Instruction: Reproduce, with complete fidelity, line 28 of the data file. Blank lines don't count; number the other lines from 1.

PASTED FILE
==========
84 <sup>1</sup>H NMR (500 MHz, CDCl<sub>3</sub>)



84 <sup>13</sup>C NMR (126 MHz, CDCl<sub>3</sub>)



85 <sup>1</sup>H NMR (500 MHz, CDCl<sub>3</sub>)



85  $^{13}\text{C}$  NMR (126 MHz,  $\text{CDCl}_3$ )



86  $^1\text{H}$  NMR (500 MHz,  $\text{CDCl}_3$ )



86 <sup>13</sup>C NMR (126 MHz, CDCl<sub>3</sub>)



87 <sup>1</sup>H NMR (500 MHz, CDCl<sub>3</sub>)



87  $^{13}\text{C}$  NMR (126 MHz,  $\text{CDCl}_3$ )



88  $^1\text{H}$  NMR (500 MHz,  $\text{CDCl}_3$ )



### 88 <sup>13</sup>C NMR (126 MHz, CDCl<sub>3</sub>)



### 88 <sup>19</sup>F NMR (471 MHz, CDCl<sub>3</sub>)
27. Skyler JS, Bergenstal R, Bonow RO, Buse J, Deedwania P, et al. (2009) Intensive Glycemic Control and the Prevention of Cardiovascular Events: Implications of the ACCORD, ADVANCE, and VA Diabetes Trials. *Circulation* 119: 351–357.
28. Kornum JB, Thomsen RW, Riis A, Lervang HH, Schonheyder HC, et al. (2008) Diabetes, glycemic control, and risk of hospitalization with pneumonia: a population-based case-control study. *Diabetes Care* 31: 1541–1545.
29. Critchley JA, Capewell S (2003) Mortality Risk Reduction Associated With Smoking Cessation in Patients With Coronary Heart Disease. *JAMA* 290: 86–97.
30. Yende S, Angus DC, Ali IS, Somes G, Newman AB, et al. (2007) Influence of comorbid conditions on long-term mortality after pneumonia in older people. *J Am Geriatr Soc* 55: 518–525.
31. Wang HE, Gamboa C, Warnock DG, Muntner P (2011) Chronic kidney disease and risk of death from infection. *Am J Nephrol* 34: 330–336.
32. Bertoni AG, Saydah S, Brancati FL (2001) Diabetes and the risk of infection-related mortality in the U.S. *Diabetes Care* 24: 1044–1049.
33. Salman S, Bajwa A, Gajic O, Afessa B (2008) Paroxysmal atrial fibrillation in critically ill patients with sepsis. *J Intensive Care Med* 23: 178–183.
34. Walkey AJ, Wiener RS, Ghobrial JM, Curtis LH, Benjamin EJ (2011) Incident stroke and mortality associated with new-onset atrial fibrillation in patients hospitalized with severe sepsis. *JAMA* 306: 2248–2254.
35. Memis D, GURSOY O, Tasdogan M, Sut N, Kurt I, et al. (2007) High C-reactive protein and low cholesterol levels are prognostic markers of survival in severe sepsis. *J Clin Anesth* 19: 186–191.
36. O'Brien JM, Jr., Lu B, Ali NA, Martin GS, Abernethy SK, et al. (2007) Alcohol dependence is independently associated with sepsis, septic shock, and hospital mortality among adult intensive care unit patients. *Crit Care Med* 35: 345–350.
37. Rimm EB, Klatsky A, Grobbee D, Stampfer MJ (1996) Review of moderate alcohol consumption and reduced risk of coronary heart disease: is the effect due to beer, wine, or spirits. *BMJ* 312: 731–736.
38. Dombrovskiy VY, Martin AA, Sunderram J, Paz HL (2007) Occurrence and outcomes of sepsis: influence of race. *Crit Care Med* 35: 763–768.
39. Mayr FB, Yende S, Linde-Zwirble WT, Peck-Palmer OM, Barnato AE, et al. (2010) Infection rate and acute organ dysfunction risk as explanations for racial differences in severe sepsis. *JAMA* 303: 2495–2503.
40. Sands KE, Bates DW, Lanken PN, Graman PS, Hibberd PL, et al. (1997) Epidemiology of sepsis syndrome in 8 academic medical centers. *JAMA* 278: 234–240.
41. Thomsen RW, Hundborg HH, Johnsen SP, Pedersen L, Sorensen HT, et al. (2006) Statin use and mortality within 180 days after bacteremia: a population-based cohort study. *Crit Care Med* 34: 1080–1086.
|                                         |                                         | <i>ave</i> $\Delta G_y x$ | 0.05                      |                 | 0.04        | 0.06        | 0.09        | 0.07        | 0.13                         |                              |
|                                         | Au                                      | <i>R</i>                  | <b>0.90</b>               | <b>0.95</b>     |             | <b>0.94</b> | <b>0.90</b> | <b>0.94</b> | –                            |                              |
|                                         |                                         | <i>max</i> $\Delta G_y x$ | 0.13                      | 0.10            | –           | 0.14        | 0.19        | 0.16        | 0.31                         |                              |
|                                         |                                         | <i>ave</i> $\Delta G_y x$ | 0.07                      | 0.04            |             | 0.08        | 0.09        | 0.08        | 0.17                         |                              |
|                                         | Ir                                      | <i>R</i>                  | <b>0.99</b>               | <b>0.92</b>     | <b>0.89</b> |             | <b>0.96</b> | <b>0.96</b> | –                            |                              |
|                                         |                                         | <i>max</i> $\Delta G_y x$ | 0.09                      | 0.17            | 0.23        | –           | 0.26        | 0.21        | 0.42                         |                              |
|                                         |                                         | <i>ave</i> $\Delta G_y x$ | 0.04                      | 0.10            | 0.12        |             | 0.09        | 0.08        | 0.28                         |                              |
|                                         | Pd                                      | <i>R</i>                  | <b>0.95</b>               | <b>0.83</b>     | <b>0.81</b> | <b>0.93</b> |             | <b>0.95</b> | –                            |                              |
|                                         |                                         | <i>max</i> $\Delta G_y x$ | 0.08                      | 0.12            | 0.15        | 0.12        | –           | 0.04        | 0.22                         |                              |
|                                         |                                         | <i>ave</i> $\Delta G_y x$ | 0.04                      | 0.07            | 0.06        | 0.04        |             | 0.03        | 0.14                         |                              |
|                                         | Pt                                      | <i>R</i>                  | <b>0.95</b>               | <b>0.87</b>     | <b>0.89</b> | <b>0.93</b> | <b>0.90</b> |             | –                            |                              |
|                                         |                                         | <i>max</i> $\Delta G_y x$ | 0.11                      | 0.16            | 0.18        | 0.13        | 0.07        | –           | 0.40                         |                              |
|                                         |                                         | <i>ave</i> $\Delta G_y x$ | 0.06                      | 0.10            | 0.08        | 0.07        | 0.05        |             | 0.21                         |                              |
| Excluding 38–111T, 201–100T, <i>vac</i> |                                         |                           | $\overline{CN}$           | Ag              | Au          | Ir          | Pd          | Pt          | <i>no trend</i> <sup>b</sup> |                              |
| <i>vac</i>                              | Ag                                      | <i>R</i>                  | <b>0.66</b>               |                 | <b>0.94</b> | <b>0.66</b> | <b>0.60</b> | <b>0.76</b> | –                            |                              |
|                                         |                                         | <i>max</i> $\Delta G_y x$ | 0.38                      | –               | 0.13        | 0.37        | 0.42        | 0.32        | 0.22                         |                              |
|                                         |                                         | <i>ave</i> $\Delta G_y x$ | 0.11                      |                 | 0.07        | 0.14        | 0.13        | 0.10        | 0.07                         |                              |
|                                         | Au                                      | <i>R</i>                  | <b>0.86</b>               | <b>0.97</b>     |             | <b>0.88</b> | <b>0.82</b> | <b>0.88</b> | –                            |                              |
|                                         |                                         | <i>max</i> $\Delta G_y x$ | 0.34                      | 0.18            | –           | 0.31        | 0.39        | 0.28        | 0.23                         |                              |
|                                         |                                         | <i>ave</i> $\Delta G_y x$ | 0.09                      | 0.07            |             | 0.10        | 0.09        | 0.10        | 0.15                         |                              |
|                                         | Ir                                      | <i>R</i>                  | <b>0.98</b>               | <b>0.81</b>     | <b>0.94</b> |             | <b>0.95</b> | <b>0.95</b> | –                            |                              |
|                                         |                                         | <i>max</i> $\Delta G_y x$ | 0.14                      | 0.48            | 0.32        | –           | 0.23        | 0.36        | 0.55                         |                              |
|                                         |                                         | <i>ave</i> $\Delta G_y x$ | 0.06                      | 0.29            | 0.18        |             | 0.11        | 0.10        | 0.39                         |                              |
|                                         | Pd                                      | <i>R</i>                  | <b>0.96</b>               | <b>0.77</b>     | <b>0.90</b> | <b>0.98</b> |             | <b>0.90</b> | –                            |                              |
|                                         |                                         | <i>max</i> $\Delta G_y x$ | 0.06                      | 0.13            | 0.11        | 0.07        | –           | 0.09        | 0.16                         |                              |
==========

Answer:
|                                         | Au                                      | <i>R</i>                  | <b>0.90</b>               | <b>0.95</b>     |             | <b>0.94</b> | <b>0.90</b> | <b>0.94</b> | –                            |                              |